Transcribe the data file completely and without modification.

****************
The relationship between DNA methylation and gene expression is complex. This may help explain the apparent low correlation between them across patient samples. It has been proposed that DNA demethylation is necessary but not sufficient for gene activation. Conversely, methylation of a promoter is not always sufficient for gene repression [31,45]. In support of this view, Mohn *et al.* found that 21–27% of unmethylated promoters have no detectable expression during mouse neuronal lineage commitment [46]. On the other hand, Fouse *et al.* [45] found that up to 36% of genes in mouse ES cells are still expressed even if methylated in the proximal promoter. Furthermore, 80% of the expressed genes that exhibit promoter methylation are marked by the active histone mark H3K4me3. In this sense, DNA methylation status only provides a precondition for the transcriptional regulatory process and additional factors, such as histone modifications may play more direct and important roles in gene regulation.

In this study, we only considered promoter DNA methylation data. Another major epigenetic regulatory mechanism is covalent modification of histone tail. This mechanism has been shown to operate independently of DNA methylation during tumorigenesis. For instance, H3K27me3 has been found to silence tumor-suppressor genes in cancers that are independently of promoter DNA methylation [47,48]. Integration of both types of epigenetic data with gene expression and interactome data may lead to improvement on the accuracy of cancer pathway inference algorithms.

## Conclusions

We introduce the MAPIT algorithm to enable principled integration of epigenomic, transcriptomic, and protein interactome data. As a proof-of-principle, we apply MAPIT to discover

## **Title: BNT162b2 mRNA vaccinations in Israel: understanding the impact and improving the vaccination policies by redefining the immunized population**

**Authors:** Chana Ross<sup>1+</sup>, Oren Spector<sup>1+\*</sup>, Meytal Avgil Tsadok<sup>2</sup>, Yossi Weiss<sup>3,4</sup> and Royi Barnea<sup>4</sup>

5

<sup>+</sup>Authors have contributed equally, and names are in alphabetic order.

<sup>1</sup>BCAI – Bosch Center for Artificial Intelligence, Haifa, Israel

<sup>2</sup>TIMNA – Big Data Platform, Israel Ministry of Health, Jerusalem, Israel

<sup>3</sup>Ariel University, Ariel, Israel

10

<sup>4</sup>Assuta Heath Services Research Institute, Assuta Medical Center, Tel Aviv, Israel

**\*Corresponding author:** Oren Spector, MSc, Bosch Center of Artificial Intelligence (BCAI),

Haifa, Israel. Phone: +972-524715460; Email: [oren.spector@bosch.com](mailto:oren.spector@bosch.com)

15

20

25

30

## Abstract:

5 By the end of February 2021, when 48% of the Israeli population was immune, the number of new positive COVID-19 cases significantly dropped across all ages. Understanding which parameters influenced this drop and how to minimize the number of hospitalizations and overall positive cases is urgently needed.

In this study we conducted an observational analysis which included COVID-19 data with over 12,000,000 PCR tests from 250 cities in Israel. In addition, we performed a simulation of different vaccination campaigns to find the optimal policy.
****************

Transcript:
The relationship between DNA methylation and gene expression is complex. This may help explain the apparent low correlation between them across patient samples. It has been proposed that DNA demethylation is necessary but not sufficient for gene activation. Conversely, methylation of a promoter is not always sufficient for gene repression [31,45]. In support of this view, Mohn *et al.* found that 21–27% of unmethylated promoters have no detectable expression during mouse neuronal lineage commitment [46]. On the other hand, Fouse *et al.* [45] found that up to 36% of genes in mouse ES cells are still expressed even if methylated in the proximal promoter. Furthermore, 80% of the expressed genes that exhibit promoter methylation are marked by the active histone mark H3K4me3. In this sense, DNA methylation status only provides a precondition for the transcriptional regulatory process and additional factors, such as histone modifications may play more direct and important roles in gene regulation.

In this study, we only considered promoter DNA methylation data. Another major epigenetic regulatory mechanism is covalent modification of histone tail. This mechanism has been shown to operate independently of DNA methylation during tumorigenesis. For instance, H3K27me3 has been found to silence tumor-suppressor genes in cancers that are independently of promoter DNA methylation [47,48]. Integration of both types of epigenetic data with gene expression and interactome data may lead to improvement on the accuracy of cancer pathway inference algorithms.

## Conclusions

We introduce the MAPIT algorithm to enable principled integration of epigenomic, transcriptomic, and protein interactome data. As a proof-of-principle, we apply MAPIT to discover

## **Title: BNT162b2 mRNA vaccinations in Israel: understanding the impact and improving the vaccination policies by redefining the immunized population**

**Authors:** Chana Ross<sup>1+</sup>, Oren Spector<sup>1+\*</sup>, Meytal Avgil Tsadok<sup>2</sup>, Yossi Weiss<sup>3,4</sup> and Royi Barnea<sup>4</sup>

5

<sup>+</sup>Authors have contributed equally, and names are in alphabetic order.

<sup>1</sup>BCAI – Bosch Center for Artificial Intelligence, Haifa, Israel

<sup>2</sup>TIMNA – Big Data Platform, Israel Ministry of Health, Jerusalem, Israel

<sup>3</sup>Ariel University, Ariel, Israel

10

<sup>4</sup>Assuta Heath Services Research Institute, Assuta Medical Center, Tel Aviv, Israel

**\*Corresponding author:** Oren Spector, MSc, Bosch Center of Artificial Intelligence (BCAI),

Haifa, Israel. Phone: +972-524715460; Email: [oren.spector@bosch.com](mailto:oren.spector@bosch.com)

15

20

25

30

## Abstract:

5 By the end of February 2021, when 48% of the Israeli population was immune, the number of new positive COVID-19 cases significantly dropped across all ages. Understanding which parameters influenced this drop and how to minimize the number of hospitalizations and overall positive cases is urgently needed.

In this study we conducted an observational analysis which included COVID-19 data with over 12,000,000 PCR tests from 250 cities in Israel. In addition, we performed a simulation of different vaccination campaigns to find the optimal policy.